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Friday, February 3, 2023
TEL AVIV, Mar 6 2009 (IPS) - If all goes to plan, passengers will not get to see the beautiful Yitla Stream, or what is left of it, on the train from Jerusalem to Tel Aviv.
Construction plans at present include a 144-metre bridge over the mini- canyon in the Jerusalem Hills known as the Yitla Stream. Local people and environmentalists want instead a tunnel link under the Stream in order to keep the habitat intact.
Israel Railways has been working on a new high-speed train link between Jerusalem and Tel Aviv via Ben Gurion Airport for the past six years. Some of the western part of the track close to Tel Aviv and the airport has been built, but the stretch through the Jerusalem Hills is still on paper.
The most controversial plan is that for a bridge to link tunnels at either end. The Nature and Parks Authority, along with the Society for the Protection of Nature have been leading opposition to the planned bridge.
“In the morning or in the afternoon, I come down here and then quickly climb that ascent there – and that’s my heart widening,” says Eyal Arad, resident of the nearby village Nataf over a late afternoon coffee on top of the gorge cliffs, metres away from where the bridge is supposed to be built. Arad has been hiking here for the past seven years, out of 21 years of living in Nataf, and doing what he can to protect it. He has put up a big sign asking four- wheel-drive vehicles to keep distance. It is the train that he cannot stop.
But given the rising traffic load on Motorway 1 that connects Tel Aviv with Jerusalem, there is wide backing for a fast train link that could cut the 65- kilometre train distance to a 28-minute ride.
The dispute over Bridge 8 over the Yitla gorge has been in the way. “The Yitla Stream is situated in the heart of one of the best preserved Mediterranean grove areas in the Jerusalem Mountains,” says Ze’ev Hacohen, ranger from the Nature and Parks Authority.
“This bridge is utterly unnecessary,” says Avraham Shaked, Jerusalem district nature conversation coordinator at the Society for the Protection of Nature in Israel. “The only way the train to Jerusalem can go is in a tunnel, beneath the stream.”
The Israel Railways scheme that includes the bridge could scare away gazelles, falcons and hyenas, and threaten a variety of endangered flora and fauna.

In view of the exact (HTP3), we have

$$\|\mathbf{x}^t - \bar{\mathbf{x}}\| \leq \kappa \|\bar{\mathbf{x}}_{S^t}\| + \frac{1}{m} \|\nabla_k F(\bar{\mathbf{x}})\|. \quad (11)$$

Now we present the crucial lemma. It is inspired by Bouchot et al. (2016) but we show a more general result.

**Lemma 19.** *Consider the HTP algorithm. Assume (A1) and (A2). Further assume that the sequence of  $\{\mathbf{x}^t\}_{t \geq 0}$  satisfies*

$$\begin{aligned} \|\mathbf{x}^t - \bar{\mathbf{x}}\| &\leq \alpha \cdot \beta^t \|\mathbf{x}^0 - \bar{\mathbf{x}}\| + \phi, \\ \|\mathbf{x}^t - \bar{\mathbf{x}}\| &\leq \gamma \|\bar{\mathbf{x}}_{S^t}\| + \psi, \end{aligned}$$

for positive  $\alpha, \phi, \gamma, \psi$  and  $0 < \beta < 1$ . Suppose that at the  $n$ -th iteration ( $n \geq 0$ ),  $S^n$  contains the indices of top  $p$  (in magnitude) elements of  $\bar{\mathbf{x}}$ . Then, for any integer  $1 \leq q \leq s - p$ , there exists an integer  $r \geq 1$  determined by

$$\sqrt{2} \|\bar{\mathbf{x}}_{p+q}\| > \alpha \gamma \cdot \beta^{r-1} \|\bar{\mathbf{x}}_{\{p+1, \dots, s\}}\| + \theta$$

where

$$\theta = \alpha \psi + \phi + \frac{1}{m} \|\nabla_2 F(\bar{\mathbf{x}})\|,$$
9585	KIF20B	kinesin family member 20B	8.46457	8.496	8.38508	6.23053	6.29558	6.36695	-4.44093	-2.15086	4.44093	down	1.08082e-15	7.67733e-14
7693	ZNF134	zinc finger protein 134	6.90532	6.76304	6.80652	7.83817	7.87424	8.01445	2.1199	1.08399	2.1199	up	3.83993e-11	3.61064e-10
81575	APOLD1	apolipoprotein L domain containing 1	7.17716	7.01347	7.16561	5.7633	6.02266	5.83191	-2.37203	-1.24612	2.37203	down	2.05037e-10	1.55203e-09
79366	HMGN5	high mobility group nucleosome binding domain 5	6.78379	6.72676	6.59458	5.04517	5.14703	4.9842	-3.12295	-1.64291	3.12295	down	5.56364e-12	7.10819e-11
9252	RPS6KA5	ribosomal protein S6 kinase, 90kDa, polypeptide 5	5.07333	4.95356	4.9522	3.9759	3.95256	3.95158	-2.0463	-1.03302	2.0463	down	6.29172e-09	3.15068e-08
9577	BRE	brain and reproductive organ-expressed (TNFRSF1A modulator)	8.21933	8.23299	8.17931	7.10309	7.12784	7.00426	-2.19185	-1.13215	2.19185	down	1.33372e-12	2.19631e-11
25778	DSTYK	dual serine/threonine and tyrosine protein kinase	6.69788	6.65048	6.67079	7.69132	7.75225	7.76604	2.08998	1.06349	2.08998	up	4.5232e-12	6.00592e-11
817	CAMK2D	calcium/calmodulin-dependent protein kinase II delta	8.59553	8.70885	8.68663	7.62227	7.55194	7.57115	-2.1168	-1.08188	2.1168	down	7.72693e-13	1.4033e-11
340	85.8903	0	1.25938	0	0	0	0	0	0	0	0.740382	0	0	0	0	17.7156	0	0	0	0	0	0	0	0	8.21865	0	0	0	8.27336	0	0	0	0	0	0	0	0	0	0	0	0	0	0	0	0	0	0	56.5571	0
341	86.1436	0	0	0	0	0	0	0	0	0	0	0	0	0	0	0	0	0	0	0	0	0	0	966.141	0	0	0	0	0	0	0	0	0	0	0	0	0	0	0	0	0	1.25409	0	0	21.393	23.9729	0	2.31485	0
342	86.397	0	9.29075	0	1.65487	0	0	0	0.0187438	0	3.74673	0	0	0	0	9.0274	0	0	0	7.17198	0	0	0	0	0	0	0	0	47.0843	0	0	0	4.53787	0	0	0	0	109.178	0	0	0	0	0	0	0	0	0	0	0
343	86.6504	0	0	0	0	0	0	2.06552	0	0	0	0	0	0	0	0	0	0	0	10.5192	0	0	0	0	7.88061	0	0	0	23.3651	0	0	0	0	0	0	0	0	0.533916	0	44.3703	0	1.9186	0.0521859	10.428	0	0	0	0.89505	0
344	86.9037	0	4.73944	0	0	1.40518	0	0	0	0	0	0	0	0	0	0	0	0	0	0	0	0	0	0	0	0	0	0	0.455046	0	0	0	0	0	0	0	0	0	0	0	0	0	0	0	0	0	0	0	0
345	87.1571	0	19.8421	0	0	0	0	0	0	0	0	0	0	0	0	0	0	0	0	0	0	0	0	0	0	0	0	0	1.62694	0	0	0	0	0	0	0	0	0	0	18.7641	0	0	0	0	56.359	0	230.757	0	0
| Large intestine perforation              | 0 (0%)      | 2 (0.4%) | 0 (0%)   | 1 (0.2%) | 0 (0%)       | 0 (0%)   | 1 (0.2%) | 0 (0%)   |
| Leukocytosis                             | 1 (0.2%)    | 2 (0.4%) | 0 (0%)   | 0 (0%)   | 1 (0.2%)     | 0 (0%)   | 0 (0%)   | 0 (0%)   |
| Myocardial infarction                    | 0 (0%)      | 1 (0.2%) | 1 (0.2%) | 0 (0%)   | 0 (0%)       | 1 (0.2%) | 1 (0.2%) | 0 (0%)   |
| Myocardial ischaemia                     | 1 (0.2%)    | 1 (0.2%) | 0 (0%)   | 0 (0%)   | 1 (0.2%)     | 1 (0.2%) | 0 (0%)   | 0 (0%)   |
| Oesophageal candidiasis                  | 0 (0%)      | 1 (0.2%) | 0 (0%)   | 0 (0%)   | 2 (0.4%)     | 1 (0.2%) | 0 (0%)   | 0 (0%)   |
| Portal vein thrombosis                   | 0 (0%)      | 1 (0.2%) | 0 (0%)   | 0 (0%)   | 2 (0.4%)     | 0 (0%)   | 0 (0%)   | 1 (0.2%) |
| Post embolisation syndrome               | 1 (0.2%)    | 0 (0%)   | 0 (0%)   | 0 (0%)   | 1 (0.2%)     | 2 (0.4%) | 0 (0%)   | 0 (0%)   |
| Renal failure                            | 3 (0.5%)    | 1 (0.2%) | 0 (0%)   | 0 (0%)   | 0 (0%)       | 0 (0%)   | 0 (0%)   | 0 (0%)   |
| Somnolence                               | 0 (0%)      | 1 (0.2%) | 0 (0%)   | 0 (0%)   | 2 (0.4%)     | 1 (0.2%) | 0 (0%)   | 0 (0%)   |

The Nature and Parks Authority notes that “in the vicinity of the planned railway bridge 8 site lies a canyon, among the deepest and the most impressive in the Jerusalem Mountains, that functions as a habitat for a variety of cliffs plant species and as a nesting site for predators species like falcons, buteos and eagle owls.”
An independent committee headed by Prof. Ezra Sadan published a report in October last year acknowledging the ecological importance and sensitivity of the Yitla gorge, and the benefit of an underground alternative for the train. It argued against further delaying the project, and endorsed the bridge plan but with modifications to minimise environmental impact.
Led by Shaked and Hacohen, the environmental organisations are not giving up just yet. They blame the railways company for inefficiency, and for letting the cost of the project rise from 2.3 billion shekels (512 million dollars) in 2004 to roughly 7 billion shekels today (1.67 billion dollars), while ignoring the environment. “It wouldn’t have happened in Germany, Austria, Switzerland, France or any other place,” said Shaked. “There wouldn’t have been a need for environmentalists to battle.”
Yaron Ravid, manager of the control and coordination division of Israel Railways says that the present scheme foresees completion of the project within six to seven years. “If the environmentalists continue fighting this train line, it would be delayed and eventually gone,” he says. “Currently, it’s delayed only because of them.”
March is the time for a raptor to chase a crow above the colours of the flowers along the Yitla Stream. This March it is also time for a decision on the bridge, with the deadline approaching for filing objections to it.
Arad is doing his bit. “On weekends, in good weather, this area is flooded with hikers. Half an hour away from Tel Aviv, this is the nearest place for excursions. So, everyone I meet I urge to come and visit. I say, come quickly before it’s ruined.”
And Shaked is campaigning in his own way. “We might have trains to anywhere in the country, but we might be left with no country at all.”
*This story is part of a series of features on sustainable development by IPS – Inter Press Service and IFEJ – International Federation of Environmental Journalists.
This story includes downloadable print-quality images -- Copyright IPS, to be used exclusively with this story.
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